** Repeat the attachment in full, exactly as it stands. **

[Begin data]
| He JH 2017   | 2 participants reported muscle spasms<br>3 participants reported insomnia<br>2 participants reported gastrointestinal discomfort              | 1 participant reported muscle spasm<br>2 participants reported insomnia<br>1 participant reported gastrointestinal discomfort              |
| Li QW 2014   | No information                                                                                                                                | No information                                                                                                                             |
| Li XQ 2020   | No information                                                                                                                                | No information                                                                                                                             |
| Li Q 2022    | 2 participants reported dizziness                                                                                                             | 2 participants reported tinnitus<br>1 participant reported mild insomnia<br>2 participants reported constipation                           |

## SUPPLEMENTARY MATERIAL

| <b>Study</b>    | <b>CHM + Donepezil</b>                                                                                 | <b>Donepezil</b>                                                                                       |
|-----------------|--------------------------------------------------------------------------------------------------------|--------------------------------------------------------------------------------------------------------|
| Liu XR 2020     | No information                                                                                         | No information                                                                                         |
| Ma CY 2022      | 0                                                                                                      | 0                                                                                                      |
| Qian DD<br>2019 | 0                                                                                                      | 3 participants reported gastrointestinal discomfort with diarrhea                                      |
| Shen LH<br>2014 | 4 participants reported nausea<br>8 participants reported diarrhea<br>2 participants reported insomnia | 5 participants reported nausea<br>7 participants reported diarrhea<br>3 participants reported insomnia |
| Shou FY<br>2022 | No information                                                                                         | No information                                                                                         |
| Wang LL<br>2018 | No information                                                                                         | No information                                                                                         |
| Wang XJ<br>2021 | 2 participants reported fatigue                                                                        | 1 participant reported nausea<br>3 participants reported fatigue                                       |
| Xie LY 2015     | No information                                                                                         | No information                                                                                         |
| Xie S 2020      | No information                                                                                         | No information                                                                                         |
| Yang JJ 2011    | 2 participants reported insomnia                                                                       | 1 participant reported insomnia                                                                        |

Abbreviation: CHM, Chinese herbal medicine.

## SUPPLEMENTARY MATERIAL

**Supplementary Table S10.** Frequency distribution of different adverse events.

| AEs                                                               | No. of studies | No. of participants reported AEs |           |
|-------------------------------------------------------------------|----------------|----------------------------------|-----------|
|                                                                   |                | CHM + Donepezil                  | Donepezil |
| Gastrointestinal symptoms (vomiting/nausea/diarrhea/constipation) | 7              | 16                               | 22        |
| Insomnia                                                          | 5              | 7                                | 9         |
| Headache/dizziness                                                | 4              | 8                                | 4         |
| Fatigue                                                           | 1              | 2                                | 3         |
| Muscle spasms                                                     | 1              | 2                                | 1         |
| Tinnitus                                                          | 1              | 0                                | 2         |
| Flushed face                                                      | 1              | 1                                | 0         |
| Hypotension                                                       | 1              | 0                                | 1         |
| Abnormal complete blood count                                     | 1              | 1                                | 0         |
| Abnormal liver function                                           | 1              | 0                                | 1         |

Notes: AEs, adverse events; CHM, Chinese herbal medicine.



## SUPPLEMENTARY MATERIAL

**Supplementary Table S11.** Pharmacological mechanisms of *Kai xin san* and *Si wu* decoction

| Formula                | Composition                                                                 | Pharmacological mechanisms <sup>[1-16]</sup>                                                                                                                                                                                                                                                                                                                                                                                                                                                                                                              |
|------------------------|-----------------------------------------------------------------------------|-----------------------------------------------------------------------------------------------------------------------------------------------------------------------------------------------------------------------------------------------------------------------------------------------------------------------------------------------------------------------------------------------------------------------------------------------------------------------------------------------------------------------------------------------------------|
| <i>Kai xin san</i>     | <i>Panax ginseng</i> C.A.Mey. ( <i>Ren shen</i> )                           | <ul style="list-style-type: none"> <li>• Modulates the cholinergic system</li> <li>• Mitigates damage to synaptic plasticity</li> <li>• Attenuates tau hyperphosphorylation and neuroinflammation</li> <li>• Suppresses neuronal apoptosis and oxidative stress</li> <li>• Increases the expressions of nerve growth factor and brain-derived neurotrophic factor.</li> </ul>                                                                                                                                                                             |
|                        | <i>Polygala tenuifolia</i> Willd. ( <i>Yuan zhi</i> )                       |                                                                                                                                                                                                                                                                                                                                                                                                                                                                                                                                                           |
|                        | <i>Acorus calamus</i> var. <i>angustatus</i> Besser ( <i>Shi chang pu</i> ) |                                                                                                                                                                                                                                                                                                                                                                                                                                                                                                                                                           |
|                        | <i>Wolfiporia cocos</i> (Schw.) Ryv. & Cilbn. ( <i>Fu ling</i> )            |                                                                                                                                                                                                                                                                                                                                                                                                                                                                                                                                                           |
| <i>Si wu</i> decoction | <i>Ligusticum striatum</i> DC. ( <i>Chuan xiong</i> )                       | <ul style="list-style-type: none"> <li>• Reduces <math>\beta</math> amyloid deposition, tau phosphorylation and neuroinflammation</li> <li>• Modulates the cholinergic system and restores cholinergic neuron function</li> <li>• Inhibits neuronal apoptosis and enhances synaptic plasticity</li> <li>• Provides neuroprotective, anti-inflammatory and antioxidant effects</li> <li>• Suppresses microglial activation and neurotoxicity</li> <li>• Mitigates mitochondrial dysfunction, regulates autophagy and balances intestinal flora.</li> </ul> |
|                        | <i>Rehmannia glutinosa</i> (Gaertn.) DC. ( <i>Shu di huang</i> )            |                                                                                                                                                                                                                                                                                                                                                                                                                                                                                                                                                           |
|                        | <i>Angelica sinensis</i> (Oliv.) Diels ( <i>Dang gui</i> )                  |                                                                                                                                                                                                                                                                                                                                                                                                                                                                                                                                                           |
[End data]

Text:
| He JH 2017   | 2 participants reported muscle spasms<br>3 participants reported insomnia<br>2 participants reported gastrointestinal discomfort              | 1 participant reported muscle spasm<br>2 participants reported insomnia<br>1 participant reported gastrointestinal discomfort              |
| Li QW 2014   | No information                                                                                                                                | No information                                                                                                                             |
| Li XQ 2020   | No information                                                                                                                                | No information                                                                                                                             |
| Li Q 2022    | 2 participants reported dizziness                                                                                                             | 2 participants reported tinnitus<br>1 participant reported mild insomnia<br>2 participants reported constipation                           |

## SUPPLEMENTARY MATERIAL

| <b>Study</b>    | <b>CHM + Donepezil</b>                                                                                 | <b>Donepezil</b>                                                                                       |
|-----------------|--------------------------------------------------------------------------------------------------------|--------------------------------------------------------------------------------------------------------|
| Liu XR 2020     | No information                                                                                         | No information                                                                                         |
| Ma CY 2022      | 0                                                                                                      | 0                                                                                                      |
| Qian DD<br>2019 | 0                                                                                                      | 3 participants reported gastrointestinal discomfort with diarrhea                                      |
| Shen LH<br>2014 | 4 participants reported nausea<br>8 participants reported diarrhea<br>2 participants reported insomnia | 5 participants reported nausea<br>7 participants reported diarrhea<br>3 participants reported insomnia |
| Shou FY<br>2022 | No information                                                                                         | No information                                                                                         |
| Wang LL<br>2018 | No information                                                                                         | No information                                                                                         |
| Wang XJ<br>2021 | 2 participants reported fatigue                                                                        | 1 participant reported nausea<br>3 participants reported fatigue                                       |
| Xie LY 2015     | No information                                                                                         | No information                                                                                         |
| Xie S 2020      | No information                                                                                         | No information                                                                                         |
| Yang JJ 2011    | 2 participants reported insomnia                                                                       | 1 participant reported insomnia                                                                        |

Abbreviation: CHM, Chinese herbal medicine.

## SUPPLEMENTARY MATERIAL

**Supplementary Table S10.** Frequency distribution of different adverse events.

| AEs                                                               | No. of studies | No. of participants reported AEs |           |
|-------------------------------------------------------------------|----------------|----------------------------------|-----------|
|                                                                   |                | CHM + Donepezil                  | Donepezil |
| Gastrointestinal symptoms (vomiting/nausea/diarrhea/constipation) | 7              | 16                               | 22        |
| Insomnia                                                          | 5              | 7                                | 9         |
| Headache/dizziness                                                | 4              | 8                                | 4         |
| Fatigue                                                           | 1              | 2                                | 3         |
| Muscle spasms                                                     | 1              | 2                                | 1         |
| Tinnitus                                                          | 1              | 0                                | 2         |
| Flushed face                                                      | 1              | 1                                | 0         |
| Hypotension                                                       | 1              | 0                                | 1         |
| Abnormal complete blood count                                     | 1              | 1                                | 0         |
| Abnormal liver function                                           | 1              | 0                                | 1         |

Notes: AEs, adverse events; CHM, Chinese herbal medicine.



## SUPPLEMENTARY MATERIAL

**Supplementary Table S11.** Pharmacological mechanisms of *Kai xin san* and *Si wu* decoction

| Formula                | Composition                                                                 | Pharmacological mechanisms <sup>[1-16]</sup>                                                                                                                                                                                                                                                                                                                                                                                                                                                                                                              |
|------------------------|-----------------------------------------------------------------------------|-----------------------------------------------------------------------------------------------------------------------------------------------------------------------------------------------------------------------------------------------------------------------------------------------------------------------------------------------------------------------------------------------------------------------------------------------------------------------------------------------------------------------------------------------------------|
| <i>Kai xin san</i>     | <i>Panax ginseng</i> C.A.Mey. ( <i>Ren shen</i> )                           | <ul style="list-style-type: none"> <li>• Modulates the cholinergic system</li> <li>• Mitigates damage to synaptic plasticity</li> <li>• Attenuates tau hyperphosphorylation and neuroinflammation</li> <li>• Suppresses neuronal apoptosis and oxidative stress</li> <li>• Increases the expressions of nerve growth factor and brain-derived neurotrophic factor.</li> </ul>                                                                                                                                                                             |
|                        | <i>Polygala tenuifolia</i> Willd. ( <i>Yuan zhi</i> )                       |                                                                                                                                                                                                                                                                                                                                                                                                                                                                                                                                                           |
|                        | <i>Acorus calamus</i> var. <i>angustatus</i> Besser ( <i>Shi chang pu</i> ) |                                                                                                                                                                                                                                                                                                                                                                                                                                                                                                                                                           |
|                        | <i>Wolfiporia cocos</i> (Schw.) Ryv. & Cilbn. ( <i>Fu ling</i> )            |                                                                                                                                                                                                                                                                                                                                                                                                                                                                                                                                                           |
| <i>Si wu</i> decoction | <i>Ligusticum striatum</i> DC. ( <i>Chuan xiong</i> )                       | <ul style="list-style-type: none"> <li>• Reduces <math>\beta</math> amyloid deposition, tau phosphorylation and neuroinflammation</li> <li>• Modulates the cholinergic system and restores cholinergic neuron function</li> <li>• Inhibits neuronal apoptosis and enhances synaptic plasticity</li> <li>• Provides neuroprotective, anti-inflammatory and antioxidant effects</li> <li>• Suppresses microglial activation and neurotoxicity</li> <li>• Mitigates mitochondrial dysfunction, regulates autophagy and balances intestinal flora.</li> </ul> |
|                        | <i>Rehmannia glutinosa</i> (Gaertn.) DC. ( <i>Shu di huang</i> )            |                                                                                                                                                                                                                                                                                                                                                                                                                                                                                                                                                           |
|                        | <i>Angelica sinensis</i> (Oliv.) Diels ( <i>Dang gui</i> )                  |                                                                                                                                                                                                                                                                                                                                                                                                                                                                                                                                                           |